Calculating the balance sheet benefit of a wellbeing programme is one of the most challenging equations in business today. The concept bristles with commercial potential but confounds accounting techniques and is loaded with interpretation.
There are big picture numbers - UK companies lose £26 billion in productivity with 9.9 million working days lost due to poor mental health and a further £15.1 billion from the drain of ‘presenteeism’, according to research by the Centre for Mental Health and the Health and Safety Executive.
But applying that to a company or employee is harder to quantify. An employee’s psychology is crucial to their performance yet cannot be readily measured and plugged into a spreadsheet.
However, wellbeing is becoming a core component of a company’s structure and part of their offer to attract the best recruits. Given that acquiring and retaining talent is a key strategic objective in most progressive firms, this provides a start to the measurement process as wellbeing programs can reduce the direct and indirect costs caused when staff leave.
There’s also the potential to reduce days lost to both physical and mental health issues. The Chartered Institute of Personnel and Development (CIPD), the professional body for Human Resources, reports that 137 million work days are lost annually in the UK due to mental health issues, including stress, anxiety and burnout in the UK.
Its annual conference, in Manchester on November 9 and 10, has just held sessions on how to embed wellbeing into a business and put a value on their outcomes.
South Liverpool Homes, a housing association managing around 3,700 homes, which has taken the Sunday Times Best Not-for-Profit Organisation to Work For title for the last four years, introduced its current wellbeing project in 2013 with its chief executive and head of HR playing leading roles. Within a year, sickness rates had decreased by 54 per cent resulting in a £25,000 for that year with the positive impact continuing over subsequent years while customer satisfaction rose to 90 per cent.
But only 17 per cent of companies evaluate their wellbeing programmes, according to CIPD research and its senior employee relations adviser Rachel Suff comments: “Saving £25,000 over a seven-month period gave South Liverpool Homes the business case for future investment. But an evaluation programme does not have to be too sophisticated and drill down into every pound as you can build a strong narrative and show that is effective by the way the workforce performs.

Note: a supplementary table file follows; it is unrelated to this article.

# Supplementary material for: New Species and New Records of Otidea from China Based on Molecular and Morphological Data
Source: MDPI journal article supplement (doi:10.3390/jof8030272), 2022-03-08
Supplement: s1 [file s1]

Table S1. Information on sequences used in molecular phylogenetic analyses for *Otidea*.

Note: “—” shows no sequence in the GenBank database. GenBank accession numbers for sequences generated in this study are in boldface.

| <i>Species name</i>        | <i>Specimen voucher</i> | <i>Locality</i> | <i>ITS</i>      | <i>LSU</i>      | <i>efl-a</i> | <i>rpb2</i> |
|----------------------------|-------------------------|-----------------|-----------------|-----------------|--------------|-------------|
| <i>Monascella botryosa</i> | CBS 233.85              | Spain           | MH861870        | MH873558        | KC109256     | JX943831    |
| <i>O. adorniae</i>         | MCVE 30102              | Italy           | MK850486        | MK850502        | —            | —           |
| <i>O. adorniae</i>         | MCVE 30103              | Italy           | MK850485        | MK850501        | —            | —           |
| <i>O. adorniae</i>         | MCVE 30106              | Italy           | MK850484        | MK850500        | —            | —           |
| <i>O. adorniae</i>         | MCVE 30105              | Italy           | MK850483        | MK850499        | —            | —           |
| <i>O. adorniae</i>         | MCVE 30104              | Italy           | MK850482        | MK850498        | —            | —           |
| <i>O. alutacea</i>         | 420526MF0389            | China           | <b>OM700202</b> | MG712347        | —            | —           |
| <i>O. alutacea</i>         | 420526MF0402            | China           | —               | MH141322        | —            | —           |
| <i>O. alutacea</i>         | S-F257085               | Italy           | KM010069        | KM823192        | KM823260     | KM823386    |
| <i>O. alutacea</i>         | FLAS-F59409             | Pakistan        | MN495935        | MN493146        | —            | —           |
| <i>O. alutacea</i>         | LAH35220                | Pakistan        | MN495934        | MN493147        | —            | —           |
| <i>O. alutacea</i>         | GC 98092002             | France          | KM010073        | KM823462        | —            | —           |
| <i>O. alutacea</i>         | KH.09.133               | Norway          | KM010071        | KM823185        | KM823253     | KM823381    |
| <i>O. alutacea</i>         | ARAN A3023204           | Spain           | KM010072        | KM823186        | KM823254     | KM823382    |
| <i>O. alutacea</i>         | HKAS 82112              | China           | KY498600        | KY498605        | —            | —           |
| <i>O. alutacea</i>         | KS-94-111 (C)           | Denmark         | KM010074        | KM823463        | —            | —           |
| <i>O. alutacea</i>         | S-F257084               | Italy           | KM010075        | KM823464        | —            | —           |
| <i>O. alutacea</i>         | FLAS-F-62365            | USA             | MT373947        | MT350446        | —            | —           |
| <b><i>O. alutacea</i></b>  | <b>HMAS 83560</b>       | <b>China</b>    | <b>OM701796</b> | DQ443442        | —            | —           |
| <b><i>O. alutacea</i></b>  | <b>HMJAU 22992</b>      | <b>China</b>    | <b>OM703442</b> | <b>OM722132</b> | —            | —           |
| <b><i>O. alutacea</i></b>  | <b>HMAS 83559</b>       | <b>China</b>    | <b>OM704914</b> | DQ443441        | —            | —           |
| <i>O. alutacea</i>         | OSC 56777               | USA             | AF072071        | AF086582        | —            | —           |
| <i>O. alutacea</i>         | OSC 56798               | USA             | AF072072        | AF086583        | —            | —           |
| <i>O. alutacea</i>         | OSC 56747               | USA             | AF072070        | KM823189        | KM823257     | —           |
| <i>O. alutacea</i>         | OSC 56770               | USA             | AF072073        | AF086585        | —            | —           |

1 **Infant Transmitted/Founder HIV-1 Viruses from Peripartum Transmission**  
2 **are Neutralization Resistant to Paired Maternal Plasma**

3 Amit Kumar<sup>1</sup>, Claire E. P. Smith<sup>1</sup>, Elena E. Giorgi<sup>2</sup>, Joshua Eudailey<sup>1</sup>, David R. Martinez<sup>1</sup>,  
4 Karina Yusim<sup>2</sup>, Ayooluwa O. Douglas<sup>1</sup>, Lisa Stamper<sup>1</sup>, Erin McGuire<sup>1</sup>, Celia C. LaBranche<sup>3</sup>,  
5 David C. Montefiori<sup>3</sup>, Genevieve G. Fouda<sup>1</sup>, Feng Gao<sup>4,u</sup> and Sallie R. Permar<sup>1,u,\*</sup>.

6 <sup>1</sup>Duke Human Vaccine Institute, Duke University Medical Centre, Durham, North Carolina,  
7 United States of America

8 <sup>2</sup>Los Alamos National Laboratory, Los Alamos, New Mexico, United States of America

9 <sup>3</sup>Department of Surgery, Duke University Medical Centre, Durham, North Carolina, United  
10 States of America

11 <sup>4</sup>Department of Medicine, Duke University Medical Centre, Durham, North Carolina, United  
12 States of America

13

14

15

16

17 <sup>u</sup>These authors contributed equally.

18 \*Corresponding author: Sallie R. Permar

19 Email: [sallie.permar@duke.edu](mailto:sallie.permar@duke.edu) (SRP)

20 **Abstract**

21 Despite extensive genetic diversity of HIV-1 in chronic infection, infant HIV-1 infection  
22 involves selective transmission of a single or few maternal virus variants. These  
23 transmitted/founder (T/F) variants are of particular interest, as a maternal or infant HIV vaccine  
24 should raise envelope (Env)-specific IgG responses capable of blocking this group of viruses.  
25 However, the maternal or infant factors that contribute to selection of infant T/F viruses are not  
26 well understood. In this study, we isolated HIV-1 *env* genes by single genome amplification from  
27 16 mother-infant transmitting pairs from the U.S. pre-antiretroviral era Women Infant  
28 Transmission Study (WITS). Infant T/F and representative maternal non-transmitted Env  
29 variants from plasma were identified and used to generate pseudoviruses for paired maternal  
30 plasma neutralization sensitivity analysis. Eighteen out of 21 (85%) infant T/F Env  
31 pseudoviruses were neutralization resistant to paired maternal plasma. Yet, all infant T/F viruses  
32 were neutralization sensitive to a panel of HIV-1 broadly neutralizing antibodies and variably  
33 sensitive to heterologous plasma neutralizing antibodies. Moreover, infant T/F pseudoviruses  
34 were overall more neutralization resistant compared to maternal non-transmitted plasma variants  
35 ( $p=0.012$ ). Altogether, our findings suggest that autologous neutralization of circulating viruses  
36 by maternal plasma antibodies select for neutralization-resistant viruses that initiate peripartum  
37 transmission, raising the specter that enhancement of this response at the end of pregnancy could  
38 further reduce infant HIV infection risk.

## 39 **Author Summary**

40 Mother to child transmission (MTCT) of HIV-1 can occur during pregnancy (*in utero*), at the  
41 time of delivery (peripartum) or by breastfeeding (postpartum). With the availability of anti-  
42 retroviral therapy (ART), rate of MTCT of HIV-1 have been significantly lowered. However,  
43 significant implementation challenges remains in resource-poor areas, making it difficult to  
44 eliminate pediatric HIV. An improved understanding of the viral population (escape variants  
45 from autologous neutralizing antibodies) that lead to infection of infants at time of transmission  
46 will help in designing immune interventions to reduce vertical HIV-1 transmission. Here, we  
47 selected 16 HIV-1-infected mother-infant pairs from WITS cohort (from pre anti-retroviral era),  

A lack of evaluation doesn’t necessarily put a scheme at risk
“A lack of evaluation doesn’t necessarily put a scheme at risk but it is so important to build a business case for continued investment and to direct the money where it counts and know it has an impact.”
Monitoring selected key performance indicators, ranging from soft metrics such as employee feedback to absence rates, creates structure, she adds.
The Employee Experience Index, a workplace measuring tool devised by IBM and Globoforce, recorded that employees with more positive experiences at work were ‘much more likely to report significantly higher levels of discretionary effort.”
A prime example of the potential benefit emerged in a Health and Safety Executive analysis of Somerset County Council’s £510,000 stress reduction programme which saved the authority £1.9 million over three years.
Research by consultants PwC found that 83 per cent of employees felt their wellbeing influenced their productivity and 33 per cent said poor wellbeing was a factor in leaving a job.
“Investment in wellbeing schemes need not cost a lot of money but they do require bravery, commitment and good employee communications,” says Philip Smith, director in the people and organization practice at PwC, which has created mental health champions at every grade across its 20,000 strong workforce.
There are real gains to be made but it requires bravery from management and staff
“Companies that make that investment have better productivity per employee, better return for shareholders and the consequence of that is a better overall return on the share price.
“There are real gains to be made but it requires bravery from management and staff to make that step but, if you do it and measure it, you will start to see real returns.”
CA Technologies, the multinational software firm with a market value of around £10 billion, is convinced that its employee wellbeing schemes are worth the effort and investment. It launched a “Wellbeing at CA” programme in July that includes a four-week programme designed to improve the mental resilience of all employees.
“It is not just a moral imperative, it’s a business one too,” reckons Marco Comastri, EMEA general manager.